Andrei Linde: Inflationary Cosmology after Planck 2013

inflation
Abstract
I give a general review of inflationary cosmology and of its present status, in view of the 2013 data release by the Planck satellite.
A specific emphasis is given to the new broad class of theories, the cosmological attractors, which have nearly model-independent predictions converging at the sweet spot of the Planck data in the (ns, r) plane.
I also discuss the problem of initial conditions for the theories favored by the Planck data.

(….)
Conclusions
Three decades ago, in inflationary theory looked like an exotic product of vivid scientific imagination.
Some of us believed that it possesses such a great explanatory potential that it must be correct; some others thought that it is too good to be true.
Not many expected that it is possible to verify any of its predictions in our lifetime.
Thanks to the enthusiastic work of many scientists, in inflationary theory is gradually becoming a broadly accepted cosmological paradigm, with many of its predictions being confirmed by observational data.
The new data release by Planck 2013 stimulating the development of new cosmological
theories, by changing the goal from finding various complicated models capable of describing
large local non-Gaussiantiy to the development of new elegant models of inflation capable of
explaining increasingly precise data in the (ns, r) plane.
Just few months ago, we did not know many good inflationary models which would naturally predict the data favored by Planck 2013.
Now the situation has changed. The existence of the universal attractor regime for a large set
of different inflationary models does not guarantee that we are on the right track, but it is
hard to ignore that all of these cosmological attractors point in the same direction, and their
predictions converge at the “sweet spot” in the (ns, r) plane preferred by WMAP9 and Planck 2013 (…)
… Read more at http://arxiv.org/pdf/1402.0526v1.pdf

Collisions on the sky

First Observational Tests of Eternal Inflation

Stephen M. Feeney, Matthew C. Johnson, Daniel J. Mortlock, and Hiranya V. Peiris – Phys. Rev. Lett. 107, 071301 (Published August 8, 2011)

First observational tests of eternal inflation: Analysis methods and WMAP 7-year results

Stephen M. Feeney, Matthew C. Johnson, Daniel J. Mortlock, and Hiranya V. Peiris – Phys. Rev. D 84, 043507 (Published August 8, 2011)

A rapid expansion of the early universe—cosmological inflation—offers the best explanation so far of what astronomers observe. One flavor of this concept, called eternal inflation, involves nucleation of bubble universes (one of which we are in) in a continually inflating background. The collection of bubbles is known as the multiverse. Many aspects of this model would be difficult, if not impossible, to test, but one approach is to look for imprints of bubble behavior in the cosmic microwave background radiation. In a paper in Physical Review Letters, and a longer technical exposition in Physical Review D, Stephen Feeney at University College London and his colleagues analyze seven years of cosmic microwave background data from the Wilkinson Microwave Anisotropy Probe (WMAP) to hunt for signatures of eternal inflation.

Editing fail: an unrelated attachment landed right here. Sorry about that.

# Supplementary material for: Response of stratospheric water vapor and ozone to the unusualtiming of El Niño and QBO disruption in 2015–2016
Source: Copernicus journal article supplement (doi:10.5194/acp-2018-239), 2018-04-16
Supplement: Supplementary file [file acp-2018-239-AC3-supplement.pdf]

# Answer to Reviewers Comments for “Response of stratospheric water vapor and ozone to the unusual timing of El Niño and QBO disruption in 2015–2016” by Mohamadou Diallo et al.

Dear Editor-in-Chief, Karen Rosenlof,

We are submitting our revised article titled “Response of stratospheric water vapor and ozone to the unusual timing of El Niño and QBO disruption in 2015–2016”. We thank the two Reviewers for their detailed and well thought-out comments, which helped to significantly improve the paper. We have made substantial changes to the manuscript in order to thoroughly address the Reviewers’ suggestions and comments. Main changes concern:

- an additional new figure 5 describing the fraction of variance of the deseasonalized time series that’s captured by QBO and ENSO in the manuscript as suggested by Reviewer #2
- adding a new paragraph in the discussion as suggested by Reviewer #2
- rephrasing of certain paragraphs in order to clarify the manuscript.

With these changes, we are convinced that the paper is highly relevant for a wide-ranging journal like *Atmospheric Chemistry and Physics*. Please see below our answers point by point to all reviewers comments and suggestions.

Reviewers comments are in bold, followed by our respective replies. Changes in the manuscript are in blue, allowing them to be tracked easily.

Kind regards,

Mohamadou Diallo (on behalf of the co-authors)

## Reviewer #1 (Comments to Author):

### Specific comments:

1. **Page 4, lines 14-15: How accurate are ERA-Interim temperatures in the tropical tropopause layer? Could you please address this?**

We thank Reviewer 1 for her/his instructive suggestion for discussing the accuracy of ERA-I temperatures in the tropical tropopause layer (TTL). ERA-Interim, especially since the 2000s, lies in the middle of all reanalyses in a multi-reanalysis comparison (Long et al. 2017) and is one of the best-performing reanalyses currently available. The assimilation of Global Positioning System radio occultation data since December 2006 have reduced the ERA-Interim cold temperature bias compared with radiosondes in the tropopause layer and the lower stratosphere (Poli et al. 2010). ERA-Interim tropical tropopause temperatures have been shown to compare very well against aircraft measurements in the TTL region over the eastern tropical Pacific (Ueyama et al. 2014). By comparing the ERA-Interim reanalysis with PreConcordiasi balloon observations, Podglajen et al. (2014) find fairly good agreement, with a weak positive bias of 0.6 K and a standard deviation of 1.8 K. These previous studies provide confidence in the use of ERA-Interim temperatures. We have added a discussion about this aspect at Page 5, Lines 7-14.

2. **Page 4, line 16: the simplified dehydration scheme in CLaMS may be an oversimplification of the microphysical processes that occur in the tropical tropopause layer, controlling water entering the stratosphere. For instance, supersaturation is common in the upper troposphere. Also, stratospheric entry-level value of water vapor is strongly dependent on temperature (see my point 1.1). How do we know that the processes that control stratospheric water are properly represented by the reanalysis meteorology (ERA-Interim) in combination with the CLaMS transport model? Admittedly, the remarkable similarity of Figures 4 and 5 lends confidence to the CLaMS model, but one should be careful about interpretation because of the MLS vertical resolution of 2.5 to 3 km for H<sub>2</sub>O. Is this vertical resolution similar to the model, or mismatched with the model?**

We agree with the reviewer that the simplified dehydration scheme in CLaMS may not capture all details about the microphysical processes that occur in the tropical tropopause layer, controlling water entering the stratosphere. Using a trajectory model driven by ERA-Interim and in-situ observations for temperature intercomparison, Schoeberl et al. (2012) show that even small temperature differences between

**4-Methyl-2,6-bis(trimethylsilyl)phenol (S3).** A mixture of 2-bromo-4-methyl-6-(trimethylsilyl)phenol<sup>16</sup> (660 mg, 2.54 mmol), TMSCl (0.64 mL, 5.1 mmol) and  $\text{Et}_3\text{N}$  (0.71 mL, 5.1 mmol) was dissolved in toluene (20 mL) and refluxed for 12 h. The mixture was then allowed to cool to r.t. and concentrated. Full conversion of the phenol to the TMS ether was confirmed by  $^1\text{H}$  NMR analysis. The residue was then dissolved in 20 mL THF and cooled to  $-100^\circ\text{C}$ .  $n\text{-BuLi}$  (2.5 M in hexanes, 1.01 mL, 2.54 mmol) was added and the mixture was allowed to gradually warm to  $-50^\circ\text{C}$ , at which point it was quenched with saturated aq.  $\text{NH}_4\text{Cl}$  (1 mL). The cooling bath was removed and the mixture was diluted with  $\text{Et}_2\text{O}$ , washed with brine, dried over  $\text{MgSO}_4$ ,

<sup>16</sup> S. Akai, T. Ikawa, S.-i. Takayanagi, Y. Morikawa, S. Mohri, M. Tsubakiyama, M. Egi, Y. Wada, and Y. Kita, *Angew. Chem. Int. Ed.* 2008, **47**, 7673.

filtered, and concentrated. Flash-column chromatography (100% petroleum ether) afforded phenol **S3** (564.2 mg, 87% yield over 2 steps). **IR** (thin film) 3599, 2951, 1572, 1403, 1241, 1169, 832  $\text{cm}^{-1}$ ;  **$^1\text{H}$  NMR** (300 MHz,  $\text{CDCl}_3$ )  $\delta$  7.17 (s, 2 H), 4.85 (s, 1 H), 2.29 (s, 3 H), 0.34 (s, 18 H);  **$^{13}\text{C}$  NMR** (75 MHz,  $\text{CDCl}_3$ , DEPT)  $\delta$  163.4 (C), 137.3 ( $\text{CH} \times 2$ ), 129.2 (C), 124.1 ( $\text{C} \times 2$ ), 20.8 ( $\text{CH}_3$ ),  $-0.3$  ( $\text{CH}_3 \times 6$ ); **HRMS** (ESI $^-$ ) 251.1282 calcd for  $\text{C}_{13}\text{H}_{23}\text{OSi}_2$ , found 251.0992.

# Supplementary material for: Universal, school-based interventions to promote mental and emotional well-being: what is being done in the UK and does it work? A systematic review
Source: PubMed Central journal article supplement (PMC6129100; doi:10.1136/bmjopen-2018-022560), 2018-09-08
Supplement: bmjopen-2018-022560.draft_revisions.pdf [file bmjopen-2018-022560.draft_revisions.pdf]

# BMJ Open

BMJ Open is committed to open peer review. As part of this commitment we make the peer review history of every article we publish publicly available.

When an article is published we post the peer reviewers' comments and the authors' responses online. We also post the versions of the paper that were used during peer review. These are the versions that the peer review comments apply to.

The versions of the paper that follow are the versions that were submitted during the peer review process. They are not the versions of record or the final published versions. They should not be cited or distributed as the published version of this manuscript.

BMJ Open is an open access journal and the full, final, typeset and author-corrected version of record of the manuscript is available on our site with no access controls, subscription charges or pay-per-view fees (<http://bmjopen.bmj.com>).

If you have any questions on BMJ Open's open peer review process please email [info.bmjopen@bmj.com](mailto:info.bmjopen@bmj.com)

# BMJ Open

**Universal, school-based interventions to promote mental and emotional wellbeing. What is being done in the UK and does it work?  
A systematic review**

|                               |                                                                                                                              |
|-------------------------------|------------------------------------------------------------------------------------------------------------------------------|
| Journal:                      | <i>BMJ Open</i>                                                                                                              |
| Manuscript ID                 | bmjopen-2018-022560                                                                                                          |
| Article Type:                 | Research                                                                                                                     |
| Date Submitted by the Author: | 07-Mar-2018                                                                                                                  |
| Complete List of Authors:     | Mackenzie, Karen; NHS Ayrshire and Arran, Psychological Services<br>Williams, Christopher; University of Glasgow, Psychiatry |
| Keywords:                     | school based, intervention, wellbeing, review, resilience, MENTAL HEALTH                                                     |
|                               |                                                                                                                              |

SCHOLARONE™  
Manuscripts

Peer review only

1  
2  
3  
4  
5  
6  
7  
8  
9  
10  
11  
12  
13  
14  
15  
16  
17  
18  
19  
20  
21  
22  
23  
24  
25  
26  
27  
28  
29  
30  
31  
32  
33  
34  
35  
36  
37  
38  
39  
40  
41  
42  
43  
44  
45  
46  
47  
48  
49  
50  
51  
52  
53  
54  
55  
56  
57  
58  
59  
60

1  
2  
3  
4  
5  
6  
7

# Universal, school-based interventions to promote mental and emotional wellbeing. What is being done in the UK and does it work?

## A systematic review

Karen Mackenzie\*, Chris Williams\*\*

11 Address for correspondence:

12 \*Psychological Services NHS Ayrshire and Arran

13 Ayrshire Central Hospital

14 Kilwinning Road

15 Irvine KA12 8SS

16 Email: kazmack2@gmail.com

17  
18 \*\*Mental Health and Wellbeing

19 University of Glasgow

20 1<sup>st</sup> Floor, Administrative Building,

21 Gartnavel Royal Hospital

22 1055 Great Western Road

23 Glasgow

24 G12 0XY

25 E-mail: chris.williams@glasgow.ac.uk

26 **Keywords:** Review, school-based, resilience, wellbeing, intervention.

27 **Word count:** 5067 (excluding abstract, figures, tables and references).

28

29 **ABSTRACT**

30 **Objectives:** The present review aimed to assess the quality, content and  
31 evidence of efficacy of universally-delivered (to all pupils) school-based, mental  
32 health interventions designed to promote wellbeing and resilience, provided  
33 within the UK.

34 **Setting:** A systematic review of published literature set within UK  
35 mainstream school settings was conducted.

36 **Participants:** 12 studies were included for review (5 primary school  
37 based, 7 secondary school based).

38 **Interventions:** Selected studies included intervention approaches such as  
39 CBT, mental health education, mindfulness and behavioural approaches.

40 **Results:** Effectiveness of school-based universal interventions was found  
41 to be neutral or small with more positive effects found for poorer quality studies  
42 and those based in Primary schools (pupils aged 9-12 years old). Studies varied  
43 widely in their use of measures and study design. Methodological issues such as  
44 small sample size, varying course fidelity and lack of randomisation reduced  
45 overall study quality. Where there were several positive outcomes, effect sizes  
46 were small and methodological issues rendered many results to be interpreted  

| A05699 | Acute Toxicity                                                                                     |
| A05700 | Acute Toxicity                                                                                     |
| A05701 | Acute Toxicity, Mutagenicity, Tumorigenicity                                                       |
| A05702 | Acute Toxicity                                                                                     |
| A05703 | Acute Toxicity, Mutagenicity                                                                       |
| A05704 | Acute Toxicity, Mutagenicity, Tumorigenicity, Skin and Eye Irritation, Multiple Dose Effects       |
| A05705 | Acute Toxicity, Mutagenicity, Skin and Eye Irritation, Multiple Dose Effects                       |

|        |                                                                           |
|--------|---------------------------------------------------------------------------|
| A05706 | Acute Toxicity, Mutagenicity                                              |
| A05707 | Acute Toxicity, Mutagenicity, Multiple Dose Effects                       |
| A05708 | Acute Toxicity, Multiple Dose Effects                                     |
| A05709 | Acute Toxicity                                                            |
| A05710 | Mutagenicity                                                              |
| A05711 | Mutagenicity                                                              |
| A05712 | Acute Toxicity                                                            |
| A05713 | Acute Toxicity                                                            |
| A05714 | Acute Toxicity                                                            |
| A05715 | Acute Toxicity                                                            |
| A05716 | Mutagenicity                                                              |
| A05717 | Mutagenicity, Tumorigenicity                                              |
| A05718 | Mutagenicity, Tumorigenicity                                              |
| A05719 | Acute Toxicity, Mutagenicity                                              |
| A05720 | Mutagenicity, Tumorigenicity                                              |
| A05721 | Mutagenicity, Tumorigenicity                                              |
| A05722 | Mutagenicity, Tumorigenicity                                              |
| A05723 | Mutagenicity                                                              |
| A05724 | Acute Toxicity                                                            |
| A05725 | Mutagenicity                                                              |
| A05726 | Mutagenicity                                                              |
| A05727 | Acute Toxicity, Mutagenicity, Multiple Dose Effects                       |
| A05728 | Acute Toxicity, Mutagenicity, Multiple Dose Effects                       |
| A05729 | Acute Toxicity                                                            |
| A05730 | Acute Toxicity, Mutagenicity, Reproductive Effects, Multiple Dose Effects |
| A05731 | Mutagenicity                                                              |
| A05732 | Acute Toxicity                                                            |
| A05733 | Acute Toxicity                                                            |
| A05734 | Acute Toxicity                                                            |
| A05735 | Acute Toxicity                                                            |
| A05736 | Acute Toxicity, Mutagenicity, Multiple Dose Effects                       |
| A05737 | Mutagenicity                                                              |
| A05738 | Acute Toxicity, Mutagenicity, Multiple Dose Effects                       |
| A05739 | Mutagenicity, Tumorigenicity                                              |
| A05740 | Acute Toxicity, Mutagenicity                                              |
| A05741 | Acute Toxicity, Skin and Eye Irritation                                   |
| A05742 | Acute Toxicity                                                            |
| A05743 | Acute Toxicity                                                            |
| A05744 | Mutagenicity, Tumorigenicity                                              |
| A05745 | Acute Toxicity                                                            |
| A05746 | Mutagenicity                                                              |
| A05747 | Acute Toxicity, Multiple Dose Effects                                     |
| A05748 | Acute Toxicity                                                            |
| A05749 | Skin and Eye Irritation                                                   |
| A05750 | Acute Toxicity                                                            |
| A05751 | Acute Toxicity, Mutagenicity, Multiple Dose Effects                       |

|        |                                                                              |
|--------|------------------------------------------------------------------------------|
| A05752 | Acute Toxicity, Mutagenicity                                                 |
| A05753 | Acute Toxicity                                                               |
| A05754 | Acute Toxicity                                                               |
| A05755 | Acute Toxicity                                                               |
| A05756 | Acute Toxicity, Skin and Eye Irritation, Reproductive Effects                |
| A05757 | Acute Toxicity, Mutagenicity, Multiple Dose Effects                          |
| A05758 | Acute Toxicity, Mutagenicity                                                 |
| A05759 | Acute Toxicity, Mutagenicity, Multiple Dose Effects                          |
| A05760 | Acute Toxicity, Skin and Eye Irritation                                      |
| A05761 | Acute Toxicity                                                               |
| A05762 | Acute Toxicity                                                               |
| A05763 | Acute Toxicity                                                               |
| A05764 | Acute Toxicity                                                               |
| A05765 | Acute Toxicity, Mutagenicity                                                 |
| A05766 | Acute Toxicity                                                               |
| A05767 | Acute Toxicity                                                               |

The authors zeroed in on what might be the best target of opportunity, namely the effects of bubble collisions. Although direct observation of other bubble universes is not possible, the bubbles might have collided with one another and this bashing together might have left imprints on the cosmic microwave background, essentially itself a palimpsest of cosmic history. Feeney et al. carry out a statistical analysis of the full sky WMAP data, searching for specific distortions that may have been the wreckage of bubble crashes. They find no signatures of collisions, but are able to use this null result to put an upper limit on the number of bubble collisions the theory could predict and still be consistent with the data. The hope now is to continue the search for eternal inflation by applying the same tests to better data expected from the Planck satellite, which was launched in 2009. – David Voss
http://physics.aps.org/synopsis-for/10.1103/PhysRevLett.107.071301